WICHITA, Kan. (KWCH) — After a Kechi Police lieutenant was arrested for using the Wichita Police Department’s (WPD) FLOCK license plate reading system to track his estranged wife, FactFinder 12 wanted to know who had access to the system.
Technically, every time a citizen drives with a FLOCK camera, the system monitors him. The cameras are intended to help law enforcement officials find criminals, recover stolen property, or locate missing or vulnerable people.
If someone has had their vehicle stolen and it has been reported to police and the vehicle drives past a FLOCK camera, officers are alerted to the last known location. The system continues to track the vehicle as it passes other FLOCK cameras. But that means other people driving the stolen vehicle at the same time will also be caught by the cameras.
According to the WPD, the video will be stored for 30 days and should only be viewed for investigative purposes. Investigators say the Kechi police lieutenant had no legal reason to track where his estranged wife was driving.
“I received a call from another officer who was concerned that the FLOCK system was being abused,” said WPD FLOCK Administrator, Lt. Casey Slaughter. “I looked up the network audit because there is an audit trail that is kept with FLOCK every single keystroke of everything looked up in the system. I found that the person who worked for the Kechi Police Department actually looked up some things that he shouldn’t have looked up.”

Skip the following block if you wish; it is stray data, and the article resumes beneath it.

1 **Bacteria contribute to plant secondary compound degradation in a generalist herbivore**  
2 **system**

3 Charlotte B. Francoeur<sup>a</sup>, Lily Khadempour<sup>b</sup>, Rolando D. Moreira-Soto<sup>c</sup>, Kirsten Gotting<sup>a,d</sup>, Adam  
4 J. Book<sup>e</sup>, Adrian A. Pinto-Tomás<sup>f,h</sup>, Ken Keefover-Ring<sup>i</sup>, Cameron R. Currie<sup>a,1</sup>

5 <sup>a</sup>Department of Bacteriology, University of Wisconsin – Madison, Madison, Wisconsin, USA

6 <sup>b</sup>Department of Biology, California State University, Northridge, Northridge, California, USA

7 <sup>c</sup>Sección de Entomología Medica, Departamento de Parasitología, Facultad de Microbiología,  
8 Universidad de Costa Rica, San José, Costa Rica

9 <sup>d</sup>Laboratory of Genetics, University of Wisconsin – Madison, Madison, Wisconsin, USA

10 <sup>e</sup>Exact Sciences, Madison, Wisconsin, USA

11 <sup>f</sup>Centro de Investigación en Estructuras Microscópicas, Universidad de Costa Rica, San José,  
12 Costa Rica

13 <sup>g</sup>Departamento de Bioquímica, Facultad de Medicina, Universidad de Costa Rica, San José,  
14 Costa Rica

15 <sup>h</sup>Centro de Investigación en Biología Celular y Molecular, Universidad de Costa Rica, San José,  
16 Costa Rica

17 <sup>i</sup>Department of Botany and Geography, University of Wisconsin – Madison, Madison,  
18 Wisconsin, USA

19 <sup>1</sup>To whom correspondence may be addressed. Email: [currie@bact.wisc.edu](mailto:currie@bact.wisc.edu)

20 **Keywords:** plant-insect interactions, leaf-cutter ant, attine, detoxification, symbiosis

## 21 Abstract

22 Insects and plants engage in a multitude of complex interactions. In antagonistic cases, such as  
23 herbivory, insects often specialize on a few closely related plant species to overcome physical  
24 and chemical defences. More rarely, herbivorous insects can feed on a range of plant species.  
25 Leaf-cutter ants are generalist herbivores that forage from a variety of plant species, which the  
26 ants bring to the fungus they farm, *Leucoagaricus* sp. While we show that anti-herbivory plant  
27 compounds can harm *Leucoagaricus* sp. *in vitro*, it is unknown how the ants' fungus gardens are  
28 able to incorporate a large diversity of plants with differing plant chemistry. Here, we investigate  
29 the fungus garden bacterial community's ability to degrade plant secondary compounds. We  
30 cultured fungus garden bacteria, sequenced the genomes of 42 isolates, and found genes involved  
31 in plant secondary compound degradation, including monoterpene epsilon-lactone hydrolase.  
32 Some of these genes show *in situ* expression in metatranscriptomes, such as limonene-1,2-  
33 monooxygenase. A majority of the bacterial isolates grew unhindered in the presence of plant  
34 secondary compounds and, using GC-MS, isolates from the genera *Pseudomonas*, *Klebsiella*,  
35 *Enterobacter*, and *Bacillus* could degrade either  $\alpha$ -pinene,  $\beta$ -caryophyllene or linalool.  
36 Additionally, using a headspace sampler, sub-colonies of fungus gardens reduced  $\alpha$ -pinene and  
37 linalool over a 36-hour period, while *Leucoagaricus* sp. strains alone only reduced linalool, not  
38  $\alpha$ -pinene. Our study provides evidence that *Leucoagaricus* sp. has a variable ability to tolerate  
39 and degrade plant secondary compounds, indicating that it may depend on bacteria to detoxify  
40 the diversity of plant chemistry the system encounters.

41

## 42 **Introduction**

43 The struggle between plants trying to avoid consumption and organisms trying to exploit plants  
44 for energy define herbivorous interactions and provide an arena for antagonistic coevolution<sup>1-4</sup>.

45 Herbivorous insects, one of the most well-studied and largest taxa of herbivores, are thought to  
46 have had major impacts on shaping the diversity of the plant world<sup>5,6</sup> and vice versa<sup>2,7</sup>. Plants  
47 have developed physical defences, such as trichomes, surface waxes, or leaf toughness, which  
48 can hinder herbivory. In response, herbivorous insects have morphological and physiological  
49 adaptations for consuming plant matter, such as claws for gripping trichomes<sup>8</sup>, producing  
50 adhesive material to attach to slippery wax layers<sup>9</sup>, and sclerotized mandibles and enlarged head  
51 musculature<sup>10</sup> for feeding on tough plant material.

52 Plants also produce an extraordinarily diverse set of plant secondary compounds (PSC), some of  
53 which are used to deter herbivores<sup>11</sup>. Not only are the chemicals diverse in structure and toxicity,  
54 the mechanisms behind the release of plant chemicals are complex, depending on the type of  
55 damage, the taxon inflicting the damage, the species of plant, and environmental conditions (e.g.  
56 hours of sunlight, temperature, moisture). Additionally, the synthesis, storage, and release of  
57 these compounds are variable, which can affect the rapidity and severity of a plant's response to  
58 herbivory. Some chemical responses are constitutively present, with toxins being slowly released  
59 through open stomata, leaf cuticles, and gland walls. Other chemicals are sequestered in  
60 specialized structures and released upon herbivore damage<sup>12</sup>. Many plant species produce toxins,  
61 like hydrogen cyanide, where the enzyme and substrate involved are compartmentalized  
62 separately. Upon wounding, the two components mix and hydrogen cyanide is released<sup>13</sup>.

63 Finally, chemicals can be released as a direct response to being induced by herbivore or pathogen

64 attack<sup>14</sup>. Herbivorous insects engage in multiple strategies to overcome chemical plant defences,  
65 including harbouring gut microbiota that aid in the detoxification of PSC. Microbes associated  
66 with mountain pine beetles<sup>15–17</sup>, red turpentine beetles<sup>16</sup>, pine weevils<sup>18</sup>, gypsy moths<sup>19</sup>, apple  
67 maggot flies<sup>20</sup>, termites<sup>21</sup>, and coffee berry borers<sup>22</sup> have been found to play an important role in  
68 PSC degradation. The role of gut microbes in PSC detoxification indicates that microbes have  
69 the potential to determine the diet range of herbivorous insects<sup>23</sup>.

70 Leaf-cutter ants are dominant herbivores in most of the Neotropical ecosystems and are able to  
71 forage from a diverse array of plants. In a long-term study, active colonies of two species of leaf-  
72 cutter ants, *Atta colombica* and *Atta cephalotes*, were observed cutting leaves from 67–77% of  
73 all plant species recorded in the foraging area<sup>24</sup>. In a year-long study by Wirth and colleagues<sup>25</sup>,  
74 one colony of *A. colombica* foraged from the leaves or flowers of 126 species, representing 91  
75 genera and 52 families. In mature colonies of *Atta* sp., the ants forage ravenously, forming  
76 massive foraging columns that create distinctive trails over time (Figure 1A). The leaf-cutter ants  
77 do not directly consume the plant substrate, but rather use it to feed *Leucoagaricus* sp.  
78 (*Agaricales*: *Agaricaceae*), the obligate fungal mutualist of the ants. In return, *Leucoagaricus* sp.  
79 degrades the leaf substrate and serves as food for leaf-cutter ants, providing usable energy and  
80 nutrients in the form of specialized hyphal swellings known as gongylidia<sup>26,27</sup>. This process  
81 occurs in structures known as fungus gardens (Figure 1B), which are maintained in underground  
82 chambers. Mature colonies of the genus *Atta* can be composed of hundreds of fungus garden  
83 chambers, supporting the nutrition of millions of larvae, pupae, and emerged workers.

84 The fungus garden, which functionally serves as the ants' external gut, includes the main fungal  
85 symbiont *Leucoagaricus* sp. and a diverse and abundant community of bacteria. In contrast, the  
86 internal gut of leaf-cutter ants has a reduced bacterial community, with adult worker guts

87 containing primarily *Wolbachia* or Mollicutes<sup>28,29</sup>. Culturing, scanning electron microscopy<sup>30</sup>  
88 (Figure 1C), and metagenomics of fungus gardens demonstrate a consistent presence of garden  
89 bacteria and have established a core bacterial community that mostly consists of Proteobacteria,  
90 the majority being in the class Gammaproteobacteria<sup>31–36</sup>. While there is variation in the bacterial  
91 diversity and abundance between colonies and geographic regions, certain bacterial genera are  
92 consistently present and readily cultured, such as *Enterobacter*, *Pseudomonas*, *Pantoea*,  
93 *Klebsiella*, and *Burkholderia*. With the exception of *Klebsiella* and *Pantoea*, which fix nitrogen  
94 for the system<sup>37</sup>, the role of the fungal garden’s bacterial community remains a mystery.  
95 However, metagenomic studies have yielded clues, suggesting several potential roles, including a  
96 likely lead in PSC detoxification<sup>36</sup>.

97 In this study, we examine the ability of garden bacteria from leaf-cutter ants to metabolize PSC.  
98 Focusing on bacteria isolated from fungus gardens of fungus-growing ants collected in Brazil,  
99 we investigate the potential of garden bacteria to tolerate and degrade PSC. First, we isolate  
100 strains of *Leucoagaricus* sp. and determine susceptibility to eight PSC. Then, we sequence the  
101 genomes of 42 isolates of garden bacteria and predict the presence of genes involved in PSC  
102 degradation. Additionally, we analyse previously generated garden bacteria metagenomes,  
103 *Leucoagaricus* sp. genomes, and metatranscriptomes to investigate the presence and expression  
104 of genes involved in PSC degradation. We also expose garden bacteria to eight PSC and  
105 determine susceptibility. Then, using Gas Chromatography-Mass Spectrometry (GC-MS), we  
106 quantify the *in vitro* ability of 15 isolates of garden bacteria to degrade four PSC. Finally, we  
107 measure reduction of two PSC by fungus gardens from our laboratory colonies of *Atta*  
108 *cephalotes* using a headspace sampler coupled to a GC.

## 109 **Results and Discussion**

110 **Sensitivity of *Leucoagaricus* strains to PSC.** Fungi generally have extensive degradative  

Slaughter said WPD said officers should only use the FLOCK system to help with investigations, but that’s just WPD policy. The state of Kansas has no state law regarding the FLOCK system. Max Kautsch, president of the Kansas Coalition for Open Government, said there should be laws preventing officials from using the system for personal reasons.
“What’s really disappointing is that all the other states that have these laws have these types of borders built in, but Kansas doesn’t. Now let’s see what happens. So, dear license readers, it’s a technology where we can go back and forth as to whether this particular technology represents privacy benefits versus law enforcement benefits,” Kautsch said. “The fact that the law authorizing its use in Kansas is not consistent with the other laws in that country, there is more opportunity for abuse, and we see that here.”
After the incident, FactFinder 12 asked WPD what changes could be made to the policy to ensure officers could not use the system for personal use.
“We go through annual policy accruals, there are things we can always do to try and improve things. If there’s a silver lining to this whole thing, then if you abuse this FLOCK system, it will show everyone in our department and outside that that’s what’s going to happen,” Slaughter said. “You will get caught, you will probably go to jail, you could lose your job and I think you probably should. This is a powerful system, in the words of the Spiderman film, with great power comes great responsibility.”
Slaughter said he was willing to help draft legislation to prevent abuse of the FLOCK system.
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